Alternatively, several other studies by prominent institutions have, in fact, found that Enterprise Zones have a positive and significant impact on reducing unemployment rates, lowering poverty and increasing household incomes. Two of the more commonly referenced studies, using rigorous methods and Census data, found the following in regard to Enterprise Zones:
• The Department of Housing and Community Development (August 2006) found the following in EZs between 1990-2000:

  • Poverty rates declined 7.35 percent more than the rest of the state.
  • Unemployment rates declined 1.2 percent more than the rest of the state.
  • Household incomes increased 7.1 percent more than the rest of the state.
  • Wage and salary income increased 3.5 percent more than the rest of the state.

• The University of Southern California (November 2008, revised October 2010), which was funded by USC, the University of Maryland and the National Science Foundation (NSF) and has appeared in the Journal of Public Economics (a peer-reviewed, top-ten Economics journal), found that California EZs have positive, statistically significant, impacts on local labor markets in terms of the unemployment rate, the poverty rate, and the fraction of individuals with wage and salary income.

Moreover, any honest budget analyst will tell you that it is somewhat misleading to claim only that “the [EZ] program costs the state $720 million in 2010.” This, of course, only tells part of the story. While it is true that the state would save approximately $5,000 per year for each tax credit, it would also lose on average $20,000 per year in unemployment insurance payments for those workers who would lose their jobs, and an additional $3,000 per lost job per year in personal income and sales tax revenue. Not to mention all the businesses that would have otherwise left or not located in the state but for the benefits offered in these zones and now might leave the state for more business friendly environments, and not return.

Still, like any program, the EZ Program can – and should – be improved. Whether it’s past regulatory proposals such as reducing retro-vouchering, expanding the “claw back” period for misapplied tax credits to incentivize employee retention, or excluding certain industry sectors from the definition of qualified taxpayer to incentivize jobs that provide pathways into the middle class, we believe there are a number of potential reform ideas that would allow us to more narrowly achieve the EZ Program’s original intent, to reduce its costs and to use the cost savings to move forward with some of your other recent proposals, including the expanded sales tax exemption and California Competes Tax Credit.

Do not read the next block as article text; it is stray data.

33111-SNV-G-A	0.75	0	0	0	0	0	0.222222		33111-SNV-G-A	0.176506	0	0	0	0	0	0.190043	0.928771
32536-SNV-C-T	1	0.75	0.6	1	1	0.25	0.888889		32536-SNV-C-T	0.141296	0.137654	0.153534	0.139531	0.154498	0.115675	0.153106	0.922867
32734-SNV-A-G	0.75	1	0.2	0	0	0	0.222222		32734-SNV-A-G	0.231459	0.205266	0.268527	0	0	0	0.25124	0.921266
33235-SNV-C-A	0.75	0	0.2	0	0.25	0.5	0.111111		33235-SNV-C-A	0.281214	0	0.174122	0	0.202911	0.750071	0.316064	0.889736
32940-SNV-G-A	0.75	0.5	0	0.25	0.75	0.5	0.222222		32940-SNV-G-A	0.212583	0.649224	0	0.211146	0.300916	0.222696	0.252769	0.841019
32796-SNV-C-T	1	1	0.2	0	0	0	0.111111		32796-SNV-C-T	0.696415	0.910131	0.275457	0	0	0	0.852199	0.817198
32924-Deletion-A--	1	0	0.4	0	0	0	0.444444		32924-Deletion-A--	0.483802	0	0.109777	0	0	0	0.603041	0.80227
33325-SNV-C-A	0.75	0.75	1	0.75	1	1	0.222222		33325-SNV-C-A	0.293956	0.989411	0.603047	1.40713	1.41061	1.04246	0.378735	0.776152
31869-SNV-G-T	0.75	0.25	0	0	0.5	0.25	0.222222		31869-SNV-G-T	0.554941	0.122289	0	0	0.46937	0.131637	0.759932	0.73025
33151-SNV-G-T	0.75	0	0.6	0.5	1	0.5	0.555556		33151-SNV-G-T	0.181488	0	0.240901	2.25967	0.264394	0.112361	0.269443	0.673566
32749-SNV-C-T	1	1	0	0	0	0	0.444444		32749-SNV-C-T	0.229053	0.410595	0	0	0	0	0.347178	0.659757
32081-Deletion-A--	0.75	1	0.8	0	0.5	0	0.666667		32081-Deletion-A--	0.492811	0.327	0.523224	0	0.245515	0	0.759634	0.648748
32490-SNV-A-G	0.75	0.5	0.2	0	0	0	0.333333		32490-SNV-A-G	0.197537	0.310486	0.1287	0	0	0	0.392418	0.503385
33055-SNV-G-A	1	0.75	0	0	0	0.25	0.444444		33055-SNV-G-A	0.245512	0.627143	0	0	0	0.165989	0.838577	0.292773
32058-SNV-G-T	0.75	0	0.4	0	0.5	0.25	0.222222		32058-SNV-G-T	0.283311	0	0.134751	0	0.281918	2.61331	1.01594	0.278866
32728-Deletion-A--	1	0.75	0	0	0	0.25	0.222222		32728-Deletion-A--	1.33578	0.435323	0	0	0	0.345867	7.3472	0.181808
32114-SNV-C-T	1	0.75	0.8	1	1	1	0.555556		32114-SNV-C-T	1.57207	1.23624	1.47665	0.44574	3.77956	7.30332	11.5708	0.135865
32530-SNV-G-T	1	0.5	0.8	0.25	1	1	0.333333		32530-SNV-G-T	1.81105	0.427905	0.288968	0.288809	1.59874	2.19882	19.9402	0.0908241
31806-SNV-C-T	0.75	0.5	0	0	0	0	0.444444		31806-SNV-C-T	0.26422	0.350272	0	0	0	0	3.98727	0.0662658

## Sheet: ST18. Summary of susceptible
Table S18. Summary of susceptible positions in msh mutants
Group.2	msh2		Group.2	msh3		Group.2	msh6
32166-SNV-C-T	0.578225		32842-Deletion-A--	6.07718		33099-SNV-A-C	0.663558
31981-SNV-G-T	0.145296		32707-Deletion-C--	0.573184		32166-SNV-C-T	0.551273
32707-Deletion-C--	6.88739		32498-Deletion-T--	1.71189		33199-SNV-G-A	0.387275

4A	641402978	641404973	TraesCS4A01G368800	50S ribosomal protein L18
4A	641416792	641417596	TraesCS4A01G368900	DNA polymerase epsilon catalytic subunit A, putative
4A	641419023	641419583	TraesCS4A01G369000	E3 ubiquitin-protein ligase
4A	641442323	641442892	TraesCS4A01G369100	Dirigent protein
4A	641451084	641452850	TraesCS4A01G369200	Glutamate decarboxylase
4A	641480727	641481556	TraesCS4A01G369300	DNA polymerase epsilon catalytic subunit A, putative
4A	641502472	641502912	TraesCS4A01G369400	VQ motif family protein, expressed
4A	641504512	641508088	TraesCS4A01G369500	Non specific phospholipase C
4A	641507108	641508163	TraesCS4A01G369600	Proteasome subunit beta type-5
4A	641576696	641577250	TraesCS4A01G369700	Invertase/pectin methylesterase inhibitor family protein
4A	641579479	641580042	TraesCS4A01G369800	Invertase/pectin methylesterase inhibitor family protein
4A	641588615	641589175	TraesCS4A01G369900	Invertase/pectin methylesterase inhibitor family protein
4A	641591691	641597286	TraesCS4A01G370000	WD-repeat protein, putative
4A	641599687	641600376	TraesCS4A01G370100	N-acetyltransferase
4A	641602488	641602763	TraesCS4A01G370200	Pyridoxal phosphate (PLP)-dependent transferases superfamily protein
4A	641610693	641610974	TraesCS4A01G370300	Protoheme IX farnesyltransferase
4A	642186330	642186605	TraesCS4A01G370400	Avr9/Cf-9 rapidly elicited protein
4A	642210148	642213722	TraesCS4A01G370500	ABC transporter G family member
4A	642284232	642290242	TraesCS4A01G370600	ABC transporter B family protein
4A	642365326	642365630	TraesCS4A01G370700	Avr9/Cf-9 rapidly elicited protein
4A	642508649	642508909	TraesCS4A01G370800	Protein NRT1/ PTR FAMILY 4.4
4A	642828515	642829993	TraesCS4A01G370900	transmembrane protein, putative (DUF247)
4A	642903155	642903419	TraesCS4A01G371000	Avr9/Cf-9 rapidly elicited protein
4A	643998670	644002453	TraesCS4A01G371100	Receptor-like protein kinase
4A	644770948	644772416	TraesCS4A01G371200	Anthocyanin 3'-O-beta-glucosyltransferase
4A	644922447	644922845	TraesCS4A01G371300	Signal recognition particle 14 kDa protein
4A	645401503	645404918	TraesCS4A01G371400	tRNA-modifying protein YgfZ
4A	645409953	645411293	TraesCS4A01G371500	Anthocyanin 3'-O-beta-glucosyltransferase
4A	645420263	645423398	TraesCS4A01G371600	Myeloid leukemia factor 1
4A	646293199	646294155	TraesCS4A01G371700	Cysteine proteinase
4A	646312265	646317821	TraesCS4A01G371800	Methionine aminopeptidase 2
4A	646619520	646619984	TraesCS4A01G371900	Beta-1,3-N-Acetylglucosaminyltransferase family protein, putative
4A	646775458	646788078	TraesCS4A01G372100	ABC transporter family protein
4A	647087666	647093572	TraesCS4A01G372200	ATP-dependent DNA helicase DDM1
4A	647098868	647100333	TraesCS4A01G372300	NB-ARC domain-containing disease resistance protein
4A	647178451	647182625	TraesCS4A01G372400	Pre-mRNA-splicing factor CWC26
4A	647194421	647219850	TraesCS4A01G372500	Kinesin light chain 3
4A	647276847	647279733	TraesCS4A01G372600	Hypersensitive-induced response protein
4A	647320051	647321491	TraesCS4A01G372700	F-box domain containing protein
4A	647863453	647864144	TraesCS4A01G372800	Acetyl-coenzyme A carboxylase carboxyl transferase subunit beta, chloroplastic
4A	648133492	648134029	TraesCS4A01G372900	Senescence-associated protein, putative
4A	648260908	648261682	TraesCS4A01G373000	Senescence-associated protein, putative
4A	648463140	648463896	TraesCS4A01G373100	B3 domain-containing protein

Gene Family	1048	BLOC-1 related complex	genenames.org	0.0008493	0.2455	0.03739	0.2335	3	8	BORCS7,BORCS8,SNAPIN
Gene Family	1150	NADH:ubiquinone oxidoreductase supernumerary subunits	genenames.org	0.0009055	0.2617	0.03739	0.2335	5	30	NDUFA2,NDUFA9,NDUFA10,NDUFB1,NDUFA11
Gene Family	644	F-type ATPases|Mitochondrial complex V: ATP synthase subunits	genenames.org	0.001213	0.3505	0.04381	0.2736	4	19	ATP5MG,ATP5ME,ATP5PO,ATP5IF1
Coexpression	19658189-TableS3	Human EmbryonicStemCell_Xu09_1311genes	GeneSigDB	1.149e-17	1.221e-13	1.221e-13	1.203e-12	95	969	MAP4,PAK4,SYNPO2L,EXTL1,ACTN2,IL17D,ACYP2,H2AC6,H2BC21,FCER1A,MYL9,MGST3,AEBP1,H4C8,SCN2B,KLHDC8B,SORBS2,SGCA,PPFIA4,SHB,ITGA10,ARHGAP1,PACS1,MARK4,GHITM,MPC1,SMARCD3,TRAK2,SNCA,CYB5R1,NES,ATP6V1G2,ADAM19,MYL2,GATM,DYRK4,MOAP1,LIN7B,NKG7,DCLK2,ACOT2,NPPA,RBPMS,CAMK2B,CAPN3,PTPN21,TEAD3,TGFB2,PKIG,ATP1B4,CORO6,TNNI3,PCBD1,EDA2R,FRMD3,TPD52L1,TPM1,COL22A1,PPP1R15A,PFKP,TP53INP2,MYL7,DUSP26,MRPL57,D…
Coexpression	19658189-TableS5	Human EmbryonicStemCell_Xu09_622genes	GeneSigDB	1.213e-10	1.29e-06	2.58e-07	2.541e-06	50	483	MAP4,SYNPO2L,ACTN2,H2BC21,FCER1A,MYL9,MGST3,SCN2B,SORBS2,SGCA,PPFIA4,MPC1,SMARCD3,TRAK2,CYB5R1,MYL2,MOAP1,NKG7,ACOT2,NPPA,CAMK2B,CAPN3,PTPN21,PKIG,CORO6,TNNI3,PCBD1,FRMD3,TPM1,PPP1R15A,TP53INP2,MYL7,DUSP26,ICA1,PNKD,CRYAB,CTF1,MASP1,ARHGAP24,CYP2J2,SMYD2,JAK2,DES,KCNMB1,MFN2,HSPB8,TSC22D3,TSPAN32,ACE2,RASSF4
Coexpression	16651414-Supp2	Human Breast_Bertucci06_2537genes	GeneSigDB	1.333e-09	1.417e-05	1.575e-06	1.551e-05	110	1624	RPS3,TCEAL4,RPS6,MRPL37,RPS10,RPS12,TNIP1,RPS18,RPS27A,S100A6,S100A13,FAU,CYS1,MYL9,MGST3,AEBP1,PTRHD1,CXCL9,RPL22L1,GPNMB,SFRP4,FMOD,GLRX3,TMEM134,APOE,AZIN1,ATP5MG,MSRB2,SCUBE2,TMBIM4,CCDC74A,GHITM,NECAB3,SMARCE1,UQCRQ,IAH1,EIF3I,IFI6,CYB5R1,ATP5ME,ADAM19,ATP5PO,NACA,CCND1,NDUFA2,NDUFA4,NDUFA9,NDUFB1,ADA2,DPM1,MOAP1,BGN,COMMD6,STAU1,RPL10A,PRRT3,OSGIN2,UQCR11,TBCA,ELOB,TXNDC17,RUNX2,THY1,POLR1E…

And so, while we applaud your eagerness to explore new economic development tools and programs, we steadfastly maintain that radically hollowing the Enterprise Zone Program in such a sudden, hurried and improvident way during the budget process would be exactly the wrong prescription for what ails the California economy and would almost certainly make things worse in already stressed areas, which could suffer further job losses, economic decline and diminished quality of life. If anything, we must work together in a responsible, open and public fashion to improve the performance of the Enterprise Zone Program, reduce its costs and combine (rather than replace) the revamped program with new economic development tools, such as the California Competes Tax Credit, to revitalize economically-challenged areas by providing incentives that create high-wage jobs and investment in these communities.

We look forward to working with you and leadership from the California Legislature to ensure that critical economic development and job creation tools such as the California Enterprise Zone Program, the statewide sales tax exemption and the California Competes Tax Credit are improved in ways where they can be maximally targeted and ultimately effective.